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How to Turn Your Restaurant Menu into a Delivery Menu

We talked to chef James Forman - Freelance Consultant at On Point Hospitality, about what he advises clients who want to develop a takeaway and delivery menu.

Here are his suggestions:

First and foremost, I advise businesses to reduce and refine their full menu offer. The latest research on consumer behaviour tells us that too much choice leads potential customers to stop and take notice but it also discourages and often prevents a decision being made (this is one of the foundations of Aldi’s strategy of not offering more than three, often two choices in most product ranges).
In a restaurant setting, having tables settle in and take their time selecting a meal is ideal, as they won't get up and leave if the choice becomes difficult. When it comes to takeaway, it is crucial to get a quick decision before the customer hits a point of indecision and moves on and clicks another choice. Limit the menu to about 12 items.

When putting together a takeaway menu, he follows 3 principles. Dishes must be:

  1. Operationally suitable. Take away meals must be delivered quickly, so aim for no more than 20 minutes cooking time from time of order. If you're also doing sit-down dining, it is essential that extra orders don't cause operational bottlenecks and production problems.
  2. Offer value as a takeaway. Select and refine meals that will travel well and still be attractive after some time in a sealed container. Avoid or alter fried food that will go soggy, meals that will wilt and combinations that will smoosh together e.g. sauce and purees. Select meals that can absorb a price reduction and remain profitable - there is no table service or other offers that make up the total value proposition for dine in meals. Take aways should be priced approximately 25% cheaper.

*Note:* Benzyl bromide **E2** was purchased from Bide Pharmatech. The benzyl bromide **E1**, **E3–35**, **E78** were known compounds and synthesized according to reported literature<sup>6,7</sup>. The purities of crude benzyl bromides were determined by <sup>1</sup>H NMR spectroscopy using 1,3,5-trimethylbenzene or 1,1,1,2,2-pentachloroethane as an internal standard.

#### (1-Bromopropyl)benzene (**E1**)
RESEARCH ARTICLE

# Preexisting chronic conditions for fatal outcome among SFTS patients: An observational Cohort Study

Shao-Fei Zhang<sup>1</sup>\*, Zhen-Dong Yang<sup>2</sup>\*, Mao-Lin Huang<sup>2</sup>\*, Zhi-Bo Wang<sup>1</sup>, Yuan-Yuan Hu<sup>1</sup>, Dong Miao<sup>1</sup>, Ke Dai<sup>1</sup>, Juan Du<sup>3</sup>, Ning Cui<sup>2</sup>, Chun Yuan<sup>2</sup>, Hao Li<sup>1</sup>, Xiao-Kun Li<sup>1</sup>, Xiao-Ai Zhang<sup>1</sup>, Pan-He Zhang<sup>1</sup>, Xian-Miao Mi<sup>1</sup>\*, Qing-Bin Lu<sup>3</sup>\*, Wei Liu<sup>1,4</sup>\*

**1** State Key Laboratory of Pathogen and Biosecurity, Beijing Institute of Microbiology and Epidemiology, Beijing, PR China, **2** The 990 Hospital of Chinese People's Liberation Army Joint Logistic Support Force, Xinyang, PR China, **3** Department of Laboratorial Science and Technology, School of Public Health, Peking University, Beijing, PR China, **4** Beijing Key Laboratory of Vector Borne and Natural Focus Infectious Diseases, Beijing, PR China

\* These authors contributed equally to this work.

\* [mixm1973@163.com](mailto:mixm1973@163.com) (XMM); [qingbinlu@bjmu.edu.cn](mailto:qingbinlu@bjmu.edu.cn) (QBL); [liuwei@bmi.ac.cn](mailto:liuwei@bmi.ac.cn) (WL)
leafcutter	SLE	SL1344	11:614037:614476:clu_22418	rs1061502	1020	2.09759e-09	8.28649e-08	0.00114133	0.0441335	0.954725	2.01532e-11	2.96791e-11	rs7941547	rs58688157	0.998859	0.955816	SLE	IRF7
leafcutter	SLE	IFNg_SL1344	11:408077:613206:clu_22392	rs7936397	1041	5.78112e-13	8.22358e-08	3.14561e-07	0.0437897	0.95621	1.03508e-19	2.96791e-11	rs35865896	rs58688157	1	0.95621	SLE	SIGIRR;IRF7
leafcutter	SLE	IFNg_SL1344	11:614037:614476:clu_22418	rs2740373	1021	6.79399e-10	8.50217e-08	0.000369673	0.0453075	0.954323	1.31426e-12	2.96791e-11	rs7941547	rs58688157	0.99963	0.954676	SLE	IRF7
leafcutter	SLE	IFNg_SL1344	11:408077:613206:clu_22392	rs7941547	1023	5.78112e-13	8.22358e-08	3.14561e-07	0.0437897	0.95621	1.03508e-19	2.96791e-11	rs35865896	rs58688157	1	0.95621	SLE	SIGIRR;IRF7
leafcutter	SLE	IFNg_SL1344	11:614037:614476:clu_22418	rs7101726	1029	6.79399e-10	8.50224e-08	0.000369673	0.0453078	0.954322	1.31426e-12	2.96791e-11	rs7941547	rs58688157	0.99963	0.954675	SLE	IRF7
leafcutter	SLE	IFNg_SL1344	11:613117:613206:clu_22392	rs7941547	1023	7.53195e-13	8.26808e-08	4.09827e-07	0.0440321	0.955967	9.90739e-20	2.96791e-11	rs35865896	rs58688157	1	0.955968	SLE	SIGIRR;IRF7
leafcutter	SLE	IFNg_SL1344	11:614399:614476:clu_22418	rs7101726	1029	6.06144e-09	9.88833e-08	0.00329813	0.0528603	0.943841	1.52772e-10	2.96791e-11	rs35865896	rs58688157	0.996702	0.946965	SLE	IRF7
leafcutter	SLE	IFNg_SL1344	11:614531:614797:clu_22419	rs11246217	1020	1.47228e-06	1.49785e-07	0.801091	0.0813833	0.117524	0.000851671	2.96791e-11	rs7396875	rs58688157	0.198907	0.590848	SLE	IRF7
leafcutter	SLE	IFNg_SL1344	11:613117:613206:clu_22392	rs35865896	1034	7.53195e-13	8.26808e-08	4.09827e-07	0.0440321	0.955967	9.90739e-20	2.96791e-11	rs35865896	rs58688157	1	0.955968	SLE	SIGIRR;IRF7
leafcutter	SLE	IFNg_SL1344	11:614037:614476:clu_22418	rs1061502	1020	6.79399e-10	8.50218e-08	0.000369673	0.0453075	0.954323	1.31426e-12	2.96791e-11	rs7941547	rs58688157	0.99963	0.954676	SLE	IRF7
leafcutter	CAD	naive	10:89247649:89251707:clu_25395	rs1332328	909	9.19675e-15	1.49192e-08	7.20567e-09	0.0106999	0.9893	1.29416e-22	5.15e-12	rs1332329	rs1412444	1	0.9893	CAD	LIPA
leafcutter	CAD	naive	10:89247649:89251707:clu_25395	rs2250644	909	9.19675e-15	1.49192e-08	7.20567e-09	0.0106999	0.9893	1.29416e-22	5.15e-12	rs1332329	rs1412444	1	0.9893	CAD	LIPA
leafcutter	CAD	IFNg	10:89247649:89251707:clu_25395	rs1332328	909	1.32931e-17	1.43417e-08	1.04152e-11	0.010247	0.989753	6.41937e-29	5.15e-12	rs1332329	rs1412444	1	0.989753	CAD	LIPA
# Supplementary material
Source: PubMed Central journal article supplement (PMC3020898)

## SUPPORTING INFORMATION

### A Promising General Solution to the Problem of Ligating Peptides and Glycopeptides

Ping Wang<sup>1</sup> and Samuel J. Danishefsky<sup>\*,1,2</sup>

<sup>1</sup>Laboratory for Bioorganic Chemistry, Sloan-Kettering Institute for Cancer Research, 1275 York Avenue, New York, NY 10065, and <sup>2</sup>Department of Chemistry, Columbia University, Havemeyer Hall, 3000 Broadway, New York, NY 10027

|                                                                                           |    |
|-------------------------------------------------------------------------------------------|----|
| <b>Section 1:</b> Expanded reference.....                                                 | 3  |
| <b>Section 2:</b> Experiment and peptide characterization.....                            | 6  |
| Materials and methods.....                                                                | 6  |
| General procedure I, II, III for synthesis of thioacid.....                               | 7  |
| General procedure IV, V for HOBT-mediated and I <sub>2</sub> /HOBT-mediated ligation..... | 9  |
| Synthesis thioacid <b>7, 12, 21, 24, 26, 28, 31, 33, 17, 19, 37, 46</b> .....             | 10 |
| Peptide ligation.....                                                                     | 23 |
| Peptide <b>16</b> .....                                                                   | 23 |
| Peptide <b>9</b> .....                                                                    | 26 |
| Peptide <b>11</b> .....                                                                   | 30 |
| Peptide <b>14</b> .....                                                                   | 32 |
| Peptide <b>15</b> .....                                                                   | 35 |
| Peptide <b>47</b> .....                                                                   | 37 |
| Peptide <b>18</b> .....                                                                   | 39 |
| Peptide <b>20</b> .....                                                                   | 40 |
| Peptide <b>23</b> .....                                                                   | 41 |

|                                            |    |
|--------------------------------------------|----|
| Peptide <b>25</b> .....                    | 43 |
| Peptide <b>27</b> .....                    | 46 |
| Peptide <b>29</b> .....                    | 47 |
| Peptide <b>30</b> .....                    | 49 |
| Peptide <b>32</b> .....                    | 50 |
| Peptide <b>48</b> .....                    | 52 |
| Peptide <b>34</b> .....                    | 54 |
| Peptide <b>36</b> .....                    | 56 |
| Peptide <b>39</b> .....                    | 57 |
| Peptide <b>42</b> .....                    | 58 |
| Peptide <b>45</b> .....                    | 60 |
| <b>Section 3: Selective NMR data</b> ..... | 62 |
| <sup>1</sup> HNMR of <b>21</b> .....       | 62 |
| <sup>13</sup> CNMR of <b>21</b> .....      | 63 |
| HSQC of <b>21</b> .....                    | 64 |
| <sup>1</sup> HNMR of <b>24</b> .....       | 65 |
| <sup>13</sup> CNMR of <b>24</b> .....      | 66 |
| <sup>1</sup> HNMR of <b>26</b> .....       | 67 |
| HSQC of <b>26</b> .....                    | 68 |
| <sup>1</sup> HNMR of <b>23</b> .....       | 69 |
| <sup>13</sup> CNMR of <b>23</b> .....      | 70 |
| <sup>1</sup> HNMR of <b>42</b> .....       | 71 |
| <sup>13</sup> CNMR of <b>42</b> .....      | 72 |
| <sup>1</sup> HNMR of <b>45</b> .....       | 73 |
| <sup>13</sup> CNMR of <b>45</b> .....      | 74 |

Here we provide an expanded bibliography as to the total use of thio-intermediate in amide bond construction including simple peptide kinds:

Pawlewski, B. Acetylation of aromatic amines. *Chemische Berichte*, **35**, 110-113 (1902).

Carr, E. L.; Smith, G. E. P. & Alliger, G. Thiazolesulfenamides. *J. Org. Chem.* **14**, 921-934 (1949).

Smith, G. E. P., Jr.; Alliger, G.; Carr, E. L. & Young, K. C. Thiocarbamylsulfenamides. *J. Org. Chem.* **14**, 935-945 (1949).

3. Promote the core business. The takeaway menu must encourage customers to return for the full experience. Select or modify dishes that represent the essence of your core business and will leave customers wanting to come back to try the rest.

Some businesses simply cannot alter their menu to be suitable for take away. For them, the option may be to create an entirely new offer (paying particular attention to items 1 and 2 above) and run that offer under a different name - this can work very well in partnership with delivery platforms.

Other chefs and restaurateurs also had some great advice:

Make sure the recipes are profitable - there's no point in having 'profitless volume'. Items that are high on carbs and low on protein and make good money – it’s no accident that pizza, rice and noodles are popular for delivery. If you’re using a third-party delivery service, it’s essential that you have a very good margin in every item. Now’s the time to start using a simple Recipe Software system.

Pump up the value - you want to turn these customers into weekly regulars. This will only happen if you 'exceed expectations' - it's a simple rule of marketing. The nicely cooked steak might usually be served with a sauce and a mushroom, but looks very lonely in a box. For takeaway, why not add a small bowl of vegetables or salad, a bread roll and mini dessert. Even some orange wedges - a well-known offer from old-style Chinese restaurants. Think about how airline meals are presented - the tray arrives with everything you need.